How farmers used California's floods to revive underground aquifers
How farmers used California's floods to revive underground aquifers
As an onslaught of storms soaked California with record-breaking rain during the winter of 2022-2023, Christine Gemperle found herself crisscrossing her almond orchards in knee-high muck boots and a slicker. She was out in the driving rain doing exactly what many farmers were trying to prevent: opening her irrigation gates and letting the flood rush into her orchards.
She left the gates open until the stormwater pooled three or four inches deep in ditches between her rows of almond trees. A few days later, the water had vanished, having seeped into the sandy soil, at which point Gemperle would open the gates again, repeating the process.
Each time she did so, the vital aquifer deep below her farmland filled up more and more.
"I was just able to put [the water] on [the field] and it went down, put it on again and it went down," she says.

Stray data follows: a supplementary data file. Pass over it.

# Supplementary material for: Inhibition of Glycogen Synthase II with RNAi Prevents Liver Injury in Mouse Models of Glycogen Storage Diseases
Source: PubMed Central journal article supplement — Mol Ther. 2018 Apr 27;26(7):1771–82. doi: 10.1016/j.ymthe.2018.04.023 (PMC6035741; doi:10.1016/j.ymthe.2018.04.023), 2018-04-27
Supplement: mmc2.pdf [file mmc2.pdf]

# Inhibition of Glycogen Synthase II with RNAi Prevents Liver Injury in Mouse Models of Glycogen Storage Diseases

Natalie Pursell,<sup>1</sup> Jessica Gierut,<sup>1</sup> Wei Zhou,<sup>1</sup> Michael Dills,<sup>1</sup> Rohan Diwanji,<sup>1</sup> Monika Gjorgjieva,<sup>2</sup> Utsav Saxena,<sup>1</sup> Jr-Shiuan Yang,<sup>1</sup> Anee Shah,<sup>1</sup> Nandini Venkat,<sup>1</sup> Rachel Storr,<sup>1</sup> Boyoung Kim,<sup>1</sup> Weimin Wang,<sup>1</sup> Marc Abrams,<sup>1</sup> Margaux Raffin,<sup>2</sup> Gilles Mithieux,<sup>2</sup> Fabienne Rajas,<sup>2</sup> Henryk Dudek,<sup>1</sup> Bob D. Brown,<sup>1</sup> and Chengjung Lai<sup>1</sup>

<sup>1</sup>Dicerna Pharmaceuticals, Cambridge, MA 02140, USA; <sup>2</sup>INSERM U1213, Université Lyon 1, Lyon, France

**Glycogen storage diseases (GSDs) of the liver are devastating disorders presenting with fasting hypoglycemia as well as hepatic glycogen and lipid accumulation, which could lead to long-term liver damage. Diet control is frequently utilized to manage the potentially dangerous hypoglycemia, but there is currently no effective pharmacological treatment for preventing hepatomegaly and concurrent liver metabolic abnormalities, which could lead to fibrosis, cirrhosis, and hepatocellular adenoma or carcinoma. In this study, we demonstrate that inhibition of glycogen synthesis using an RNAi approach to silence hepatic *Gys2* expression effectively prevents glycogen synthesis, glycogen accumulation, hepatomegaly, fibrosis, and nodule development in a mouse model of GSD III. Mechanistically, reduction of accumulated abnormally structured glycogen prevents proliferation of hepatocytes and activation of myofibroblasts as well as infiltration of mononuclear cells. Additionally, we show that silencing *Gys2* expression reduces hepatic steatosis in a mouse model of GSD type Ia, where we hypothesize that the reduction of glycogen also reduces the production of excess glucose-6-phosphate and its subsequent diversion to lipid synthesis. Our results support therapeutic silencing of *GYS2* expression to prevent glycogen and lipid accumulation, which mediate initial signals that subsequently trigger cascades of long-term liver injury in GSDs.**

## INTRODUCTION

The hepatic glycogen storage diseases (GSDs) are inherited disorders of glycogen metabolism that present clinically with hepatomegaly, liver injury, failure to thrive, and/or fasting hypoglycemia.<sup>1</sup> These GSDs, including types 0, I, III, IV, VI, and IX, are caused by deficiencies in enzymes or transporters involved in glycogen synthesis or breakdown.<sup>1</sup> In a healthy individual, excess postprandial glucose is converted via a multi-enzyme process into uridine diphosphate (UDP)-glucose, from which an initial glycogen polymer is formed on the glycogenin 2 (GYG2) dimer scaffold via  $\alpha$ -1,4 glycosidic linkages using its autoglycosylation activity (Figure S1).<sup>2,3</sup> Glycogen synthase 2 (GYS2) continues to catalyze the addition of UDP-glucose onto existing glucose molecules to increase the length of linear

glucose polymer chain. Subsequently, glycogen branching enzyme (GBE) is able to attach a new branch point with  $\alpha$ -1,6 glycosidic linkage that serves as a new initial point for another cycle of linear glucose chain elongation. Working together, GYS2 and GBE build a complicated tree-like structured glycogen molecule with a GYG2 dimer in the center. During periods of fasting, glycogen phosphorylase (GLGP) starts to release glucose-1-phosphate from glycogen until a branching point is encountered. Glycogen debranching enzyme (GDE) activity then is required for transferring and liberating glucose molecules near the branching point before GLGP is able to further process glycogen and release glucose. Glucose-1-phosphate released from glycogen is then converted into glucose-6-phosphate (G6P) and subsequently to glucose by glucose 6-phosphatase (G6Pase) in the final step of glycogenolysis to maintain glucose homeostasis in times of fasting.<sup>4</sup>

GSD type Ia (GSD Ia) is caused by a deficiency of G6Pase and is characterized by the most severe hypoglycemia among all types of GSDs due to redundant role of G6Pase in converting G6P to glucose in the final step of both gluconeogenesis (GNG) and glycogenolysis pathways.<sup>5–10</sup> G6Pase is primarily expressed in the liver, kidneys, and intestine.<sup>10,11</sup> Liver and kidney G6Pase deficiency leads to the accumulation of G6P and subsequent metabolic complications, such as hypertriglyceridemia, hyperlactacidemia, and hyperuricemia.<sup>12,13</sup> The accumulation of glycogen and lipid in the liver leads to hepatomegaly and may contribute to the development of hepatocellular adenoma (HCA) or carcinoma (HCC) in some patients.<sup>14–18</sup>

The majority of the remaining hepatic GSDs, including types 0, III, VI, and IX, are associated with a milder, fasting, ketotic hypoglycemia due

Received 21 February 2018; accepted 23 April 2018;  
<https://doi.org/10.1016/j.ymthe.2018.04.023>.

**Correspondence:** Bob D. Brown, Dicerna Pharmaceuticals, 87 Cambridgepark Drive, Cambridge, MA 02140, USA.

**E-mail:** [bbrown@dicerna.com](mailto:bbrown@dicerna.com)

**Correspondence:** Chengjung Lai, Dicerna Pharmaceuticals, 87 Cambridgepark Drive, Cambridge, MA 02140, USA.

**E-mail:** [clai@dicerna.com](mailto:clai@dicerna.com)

For generations, during dry periods, California farmers have pumped water from deep underground to keep their crops hydrated when surface water supplies are scarce. Gemperle is no exception.
Reasons to Be Cheerful dives into how flooding in California was turned into an opportunity to revive some of the state's underground aquifers
'We're going to treat this aquifer like a bank'
Photo: Christine Gemperle with her flooded almond farm during the rains of 2023.
Like many of her fellow farmers in California's agricultural Central Valley, in dry years Gemperle turns to underground aquifers to irrigate the 135-acre almond farm she runs with her brother in Turlock.
These dry years are becoming more frequent –– the megadrought in the American West has made the past 22 years that region's driest in at least 12 centuries. With less rain, farmers increasingly lean on the state's aquifers to make up the difference. As a result, between 2003 and 2021, the Central Valley's supply of groundwater diminished by the equivalent of 1.4 times the capacity of the country's largest reservoir, Lake Mead.
But if farmers are the biggest takers of California's dwindling groundwater supply, they are also becoming critical players in filling those aquifers back up. This year, Gemperle Orchards joined a growing number of farms helping to replenish overdrawn aquifers by flooding their orchards and fields with excess stormwater during wet seasons and letting it soak into the ground.